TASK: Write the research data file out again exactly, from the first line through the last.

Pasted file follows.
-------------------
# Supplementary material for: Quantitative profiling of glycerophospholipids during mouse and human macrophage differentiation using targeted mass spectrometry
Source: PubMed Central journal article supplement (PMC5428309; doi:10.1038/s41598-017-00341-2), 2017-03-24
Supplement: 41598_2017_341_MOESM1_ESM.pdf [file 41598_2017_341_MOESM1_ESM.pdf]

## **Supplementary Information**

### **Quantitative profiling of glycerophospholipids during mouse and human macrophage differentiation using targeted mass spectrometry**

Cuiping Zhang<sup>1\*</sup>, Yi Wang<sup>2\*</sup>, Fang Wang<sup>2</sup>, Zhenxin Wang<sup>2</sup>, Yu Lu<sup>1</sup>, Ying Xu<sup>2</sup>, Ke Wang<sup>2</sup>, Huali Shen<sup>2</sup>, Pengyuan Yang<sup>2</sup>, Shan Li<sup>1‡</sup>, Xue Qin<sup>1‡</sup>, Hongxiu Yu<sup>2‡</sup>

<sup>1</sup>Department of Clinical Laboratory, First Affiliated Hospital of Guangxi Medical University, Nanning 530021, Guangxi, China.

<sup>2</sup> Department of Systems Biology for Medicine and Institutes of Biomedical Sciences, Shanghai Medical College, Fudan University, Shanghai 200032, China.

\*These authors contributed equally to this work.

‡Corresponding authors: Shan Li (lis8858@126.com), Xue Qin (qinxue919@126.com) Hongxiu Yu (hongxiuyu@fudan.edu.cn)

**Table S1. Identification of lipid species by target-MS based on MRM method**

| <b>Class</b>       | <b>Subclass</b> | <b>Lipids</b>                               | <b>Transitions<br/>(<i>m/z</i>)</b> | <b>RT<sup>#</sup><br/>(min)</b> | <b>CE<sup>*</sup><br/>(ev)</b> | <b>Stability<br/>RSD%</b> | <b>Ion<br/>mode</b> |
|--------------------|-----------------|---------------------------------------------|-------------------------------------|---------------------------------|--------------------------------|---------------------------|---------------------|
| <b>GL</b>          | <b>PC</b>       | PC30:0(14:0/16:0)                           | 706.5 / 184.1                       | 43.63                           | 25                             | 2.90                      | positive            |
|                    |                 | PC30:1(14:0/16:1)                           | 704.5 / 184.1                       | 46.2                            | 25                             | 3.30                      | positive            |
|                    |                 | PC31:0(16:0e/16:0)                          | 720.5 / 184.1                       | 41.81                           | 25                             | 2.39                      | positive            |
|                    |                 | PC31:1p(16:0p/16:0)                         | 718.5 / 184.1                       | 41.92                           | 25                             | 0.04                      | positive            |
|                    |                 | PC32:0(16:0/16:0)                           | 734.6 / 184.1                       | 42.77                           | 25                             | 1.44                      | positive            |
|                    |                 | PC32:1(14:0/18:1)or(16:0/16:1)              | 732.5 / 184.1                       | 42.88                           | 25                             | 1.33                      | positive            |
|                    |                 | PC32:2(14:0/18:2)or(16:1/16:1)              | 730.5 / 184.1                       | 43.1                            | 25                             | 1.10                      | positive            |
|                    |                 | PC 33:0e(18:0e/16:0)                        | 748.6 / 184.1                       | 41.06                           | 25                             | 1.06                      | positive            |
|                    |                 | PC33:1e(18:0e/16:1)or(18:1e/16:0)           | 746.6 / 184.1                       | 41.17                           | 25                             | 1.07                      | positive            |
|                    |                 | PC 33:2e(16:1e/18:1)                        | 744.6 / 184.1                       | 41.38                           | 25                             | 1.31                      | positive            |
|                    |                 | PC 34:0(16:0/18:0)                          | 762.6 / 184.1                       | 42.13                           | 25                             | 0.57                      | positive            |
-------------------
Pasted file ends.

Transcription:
# Supplementary material for: Quantitative profiling of glycerophospholipids during mouse and human macrophage differentiation using targeted mass spectrometry
Source: PubMed Central journal article supplement (PMC5428309; doi:10.1038/s41598-017-00341-2), 2017-03-24
Supplement: 41598_2017_341_MOESM1_ESM.pdf [file 41598_2017_341_MOESM1_ESM.pdf]

## **Supplementary Information**

### **Quantitative profiling of glycerophospholipids during mouse and human macrophage differentiation using targeted mass spectrometry**

Cuiping Zhang<sup>1\*</sup>, Yi Wang<sup>2\*</sup>, Fang Wang<sup>2</sup>, Zhenxin Wang<sup>2</sup>, Yu Lu<sup>1</sup>, Ying Xu<sup>2</sup>, Ke Wang<sup>2</sup>, Huali Shen<sup>2</sup>, Pengyuan Yang<sup>2</sup>, Shan Li<sup>1‡</sup>, Xue Qin<sup>1‡</sup>, Hongxiu Yu<sup>2‡</sup>

<sup>1</sup>Department of Clinical Laboratory, First Affiliated Hospital of Guangxi Medical University, Nanning 530021, Guangxi, China.

<sup>2</sup> Department of Systems Biology for Medicine and Institutes of Biomedical Sciences, Shanghai Medical College, Fudan University, Shanghai 200032, China.

\*These authors contributed equally to this work.

‡Corresponding authors: Shan Li (lis8858@126.com), Xue Qin (qinxue919@126.com) Hongxiu Yu (hongxiuyu@fudan.edu.cn)

**Table S1. Identification of lipid species by target-MS based on MRM method**

| <b>Class</b>       | <b>Subclass</b> | <b>Lipids</b>                               | <b>Transitions<br/>(<i>m/z</i>)</b> | <b>RT<sup>#</sup><br/>(min)</b> | <b>CE<sup>*</sup><br/>(ev)</b> | <b>Stability<br/>RSD%</b> | <b>Ion<br/>mode</b> |
|--------------------|-----------------|---------------------------------------------|-------------------------------------|---------------------------------|--------------------------------|---------------------------|---------------------|
| <b>GL</b>          | <b>PC</b>       | PC30:0(14:0/16:0)                           | 706.5 / 184.1                       | 43.63                           | 25                             | 2.90                      | positive            |
|                    |                 | PC30:1(14:0/16:1)                           | 704.5 / 184.1                       | 46.2                            | 25                             | 3.30                      | positive            |
|                    |                 | PC31:0(16:0e/16:0)                          | 720.5 / 184.1                       | 41.81                           | 25                             | 2.39                      | positive            |
|                    |                 | PC31:1p(16:0p/16:0)                         | 718.5 / 184.1                       | 41.92                           | 25                             | 0.04                      | positive            |
|                    |                 | PC32:0(16:0/16:0)                           | 734.6 / 184.1                       | 42.77                           | 25                             | 1.44                      | positive            |
|                    |                 | PC32:1(14:0/18:1)or(16:0/16:1)              | 732.5 / 184.1                       | 42.88                           | 25                             | 1.33                      | positive            |
|                    |                 | PC32:2(14:0/18:2)or(16:1/16:1)              | 730.5 / 184.1                       | 43.1                            | 25                             | 1.10                      | positive            |
|                    |                 | PC 33:0e(18:0e/16:0)                        | 748.6 / 184.1                       | 41.06                           | 25                             | 1.06                      | positive            |
|                    |                 | PC33:1e(18:0e/16:1)or(18:1e/16:0)           | 746.6 / 184.1                       | 41.17                           | 25                             | 1.07                      | positive            |
|                    |                 | PC 33:2e(16:1e/18:1)                        | 744.6 / 184.1                       | 41.38                           | 25                             | 1.31                      | positive            |
|                    |                 | PC 34:0(16:0/18:0)                          | 762.6 / 184.1                       | 42.13                           | 25                             | 0.57                      | positive            |